Having said the 1999 IOM Xmas 50p coin mainly, a balanced picture needs to keep in mind. A more complicated case compared cross panel is going to be presented here in relation to same year 50p coin in the IOM Xmas series. we now have to cover the 1999 Xmas 50p coin from Gibraltar (ie., the Mint works on a same topic for two different people, ironically, the Mint has lost the right to mint Gibraltar coinage since 2004). This time, it is your turn to tell us what is it.

  • 1999 Christmas 50p Coin from Gibraltar — UNC <#2>? or <#3>?

Do not get me wrong here, the BB die mark does not say or indicate UNC <#2> in grade equally and definitely. What I have talked here is that how to identify a DF standard with and without the die marks.

We are moving to the period of 1999 to 2016 that reveals how the quality of coins drops in years.

First of all, it will be the year 2004 and then 2016 in the second place. There is a pattern of AA-BA-ND in both years when the BA die mark has been used. Meanwhile, the AA die mark is simultaneously existed in relation to the BA die mark as well. Most significantly, the Manx cat in the first place has a farewell appearance in 2004 and drops completely from the IOM Xmas series in 2005. What is more, the p has no place after the 50 denomination in 2016. This echoes back to the very beginning of the IOM Xmas series in 1980. These information are a way to express the internal side of the story.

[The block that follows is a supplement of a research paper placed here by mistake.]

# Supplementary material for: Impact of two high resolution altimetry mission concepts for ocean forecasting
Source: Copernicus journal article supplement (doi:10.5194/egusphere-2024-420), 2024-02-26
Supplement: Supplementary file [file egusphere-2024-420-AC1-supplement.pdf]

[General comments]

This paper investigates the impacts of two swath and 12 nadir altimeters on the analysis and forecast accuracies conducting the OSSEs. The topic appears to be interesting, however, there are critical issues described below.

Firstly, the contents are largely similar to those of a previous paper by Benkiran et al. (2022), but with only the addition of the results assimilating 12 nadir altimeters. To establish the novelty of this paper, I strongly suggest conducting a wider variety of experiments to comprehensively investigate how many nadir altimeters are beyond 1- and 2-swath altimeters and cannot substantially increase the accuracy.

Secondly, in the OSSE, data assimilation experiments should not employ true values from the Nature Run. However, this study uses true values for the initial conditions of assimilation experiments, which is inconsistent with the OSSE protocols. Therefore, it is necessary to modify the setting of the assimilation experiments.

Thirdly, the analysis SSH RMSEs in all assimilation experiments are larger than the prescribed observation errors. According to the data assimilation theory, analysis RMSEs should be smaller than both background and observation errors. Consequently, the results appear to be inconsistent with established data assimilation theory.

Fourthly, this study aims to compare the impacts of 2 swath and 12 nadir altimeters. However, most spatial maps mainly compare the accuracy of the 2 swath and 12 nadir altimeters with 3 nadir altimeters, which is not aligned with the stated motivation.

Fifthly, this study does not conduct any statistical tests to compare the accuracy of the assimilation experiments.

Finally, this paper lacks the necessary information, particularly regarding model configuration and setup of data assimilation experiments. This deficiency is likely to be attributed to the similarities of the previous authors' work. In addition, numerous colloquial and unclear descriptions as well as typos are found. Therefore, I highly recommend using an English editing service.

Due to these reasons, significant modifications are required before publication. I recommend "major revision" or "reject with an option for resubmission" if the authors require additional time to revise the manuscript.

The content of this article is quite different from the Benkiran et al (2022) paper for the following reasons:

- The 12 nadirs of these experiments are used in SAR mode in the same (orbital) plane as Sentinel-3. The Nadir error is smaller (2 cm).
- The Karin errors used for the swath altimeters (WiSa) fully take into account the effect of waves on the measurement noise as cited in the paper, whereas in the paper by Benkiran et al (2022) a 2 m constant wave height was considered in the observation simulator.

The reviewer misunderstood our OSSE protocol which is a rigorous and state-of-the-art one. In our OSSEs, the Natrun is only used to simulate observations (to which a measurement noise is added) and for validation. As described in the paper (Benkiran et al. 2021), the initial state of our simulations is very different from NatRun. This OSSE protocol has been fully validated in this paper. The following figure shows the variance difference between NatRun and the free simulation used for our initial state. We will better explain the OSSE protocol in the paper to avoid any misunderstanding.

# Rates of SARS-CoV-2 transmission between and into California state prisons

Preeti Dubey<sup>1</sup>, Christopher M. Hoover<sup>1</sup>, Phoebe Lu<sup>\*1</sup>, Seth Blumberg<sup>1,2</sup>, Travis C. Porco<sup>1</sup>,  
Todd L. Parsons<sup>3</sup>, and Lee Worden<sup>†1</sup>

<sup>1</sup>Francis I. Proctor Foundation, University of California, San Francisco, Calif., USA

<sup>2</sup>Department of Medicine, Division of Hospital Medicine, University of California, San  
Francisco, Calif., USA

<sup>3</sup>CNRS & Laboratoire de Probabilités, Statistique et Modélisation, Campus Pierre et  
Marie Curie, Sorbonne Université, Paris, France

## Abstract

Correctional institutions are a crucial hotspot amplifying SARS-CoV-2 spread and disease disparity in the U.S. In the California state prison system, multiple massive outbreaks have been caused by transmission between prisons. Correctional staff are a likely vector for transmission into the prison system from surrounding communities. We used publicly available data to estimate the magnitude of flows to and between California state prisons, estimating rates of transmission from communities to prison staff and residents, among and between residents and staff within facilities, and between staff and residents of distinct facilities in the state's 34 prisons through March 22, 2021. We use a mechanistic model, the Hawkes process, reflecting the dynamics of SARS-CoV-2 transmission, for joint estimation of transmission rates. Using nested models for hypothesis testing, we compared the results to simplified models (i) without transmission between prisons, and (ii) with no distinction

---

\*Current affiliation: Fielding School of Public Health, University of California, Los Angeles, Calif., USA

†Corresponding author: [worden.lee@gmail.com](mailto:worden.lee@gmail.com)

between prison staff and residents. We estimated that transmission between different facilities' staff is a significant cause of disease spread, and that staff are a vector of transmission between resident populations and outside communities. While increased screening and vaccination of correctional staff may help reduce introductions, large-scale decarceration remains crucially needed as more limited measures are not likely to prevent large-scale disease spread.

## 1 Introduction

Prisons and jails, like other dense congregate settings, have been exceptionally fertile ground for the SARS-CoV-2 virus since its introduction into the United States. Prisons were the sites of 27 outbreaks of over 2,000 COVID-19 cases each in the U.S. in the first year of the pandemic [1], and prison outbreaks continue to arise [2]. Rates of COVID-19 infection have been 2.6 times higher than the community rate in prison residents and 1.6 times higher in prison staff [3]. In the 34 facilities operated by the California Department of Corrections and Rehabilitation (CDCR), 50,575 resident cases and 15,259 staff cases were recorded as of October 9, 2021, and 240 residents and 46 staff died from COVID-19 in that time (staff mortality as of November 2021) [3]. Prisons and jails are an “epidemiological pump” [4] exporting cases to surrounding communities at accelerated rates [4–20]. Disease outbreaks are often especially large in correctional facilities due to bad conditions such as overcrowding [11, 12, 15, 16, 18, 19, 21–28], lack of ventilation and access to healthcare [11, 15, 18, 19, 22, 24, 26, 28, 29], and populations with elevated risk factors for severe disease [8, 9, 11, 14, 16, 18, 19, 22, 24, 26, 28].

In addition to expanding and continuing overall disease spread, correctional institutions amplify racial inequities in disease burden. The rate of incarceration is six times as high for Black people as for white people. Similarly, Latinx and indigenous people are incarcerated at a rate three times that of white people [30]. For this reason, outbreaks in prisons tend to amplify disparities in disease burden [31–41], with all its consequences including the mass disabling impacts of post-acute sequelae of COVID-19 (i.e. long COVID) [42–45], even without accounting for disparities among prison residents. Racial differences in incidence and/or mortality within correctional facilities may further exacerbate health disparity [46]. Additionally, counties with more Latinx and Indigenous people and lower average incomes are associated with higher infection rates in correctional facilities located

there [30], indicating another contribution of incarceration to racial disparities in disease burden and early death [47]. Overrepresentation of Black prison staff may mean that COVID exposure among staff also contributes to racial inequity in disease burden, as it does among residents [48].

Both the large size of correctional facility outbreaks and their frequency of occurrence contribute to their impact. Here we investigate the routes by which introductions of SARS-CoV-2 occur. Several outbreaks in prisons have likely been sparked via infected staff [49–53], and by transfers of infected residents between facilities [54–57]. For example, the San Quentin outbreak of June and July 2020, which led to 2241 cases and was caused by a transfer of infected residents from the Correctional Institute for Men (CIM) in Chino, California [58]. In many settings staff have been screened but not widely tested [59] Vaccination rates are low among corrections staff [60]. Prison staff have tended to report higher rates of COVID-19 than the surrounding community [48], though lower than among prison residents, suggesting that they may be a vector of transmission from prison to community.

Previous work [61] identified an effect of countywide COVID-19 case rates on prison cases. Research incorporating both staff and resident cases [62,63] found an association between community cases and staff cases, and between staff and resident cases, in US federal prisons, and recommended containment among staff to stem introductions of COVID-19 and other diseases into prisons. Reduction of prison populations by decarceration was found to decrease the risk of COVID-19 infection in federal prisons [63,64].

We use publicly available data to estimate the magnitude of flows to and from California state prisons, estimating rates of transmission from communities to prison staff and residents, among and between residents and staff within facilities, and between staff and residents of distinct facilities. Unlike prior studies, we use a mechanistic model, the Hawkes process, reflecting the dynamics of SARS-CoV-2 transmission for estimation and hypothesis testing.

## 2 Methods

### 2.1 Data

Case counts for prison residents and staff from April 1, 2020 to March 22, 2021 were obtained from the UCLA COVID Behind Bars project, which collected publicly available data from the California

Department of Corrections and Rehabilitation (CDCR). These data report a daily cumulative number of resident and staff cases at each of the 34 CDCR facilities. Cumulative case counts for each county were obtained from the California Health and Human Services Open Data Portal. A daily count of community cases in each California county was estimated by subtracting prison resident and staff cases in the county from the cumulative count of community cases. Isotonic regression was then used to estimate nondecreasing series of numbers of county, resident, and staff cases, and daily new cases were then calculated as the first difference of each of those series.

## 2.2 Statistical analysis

• 2004 Christmas 50p Coin from the Isle of Man — UNC <#1>
  • 2016 Christmas 50p Coin from the Isle of Man — UNC <#1>

The frosting effect can be seen clearly in both. However, in contrast to ND and BA 50p coins made in same years, the above coins are no better in terms of grade and even worse than UNC <#1> from 1999. A assumption is set up here that the two AA die mark coins are very specially made in the first place but reason(s) unknown.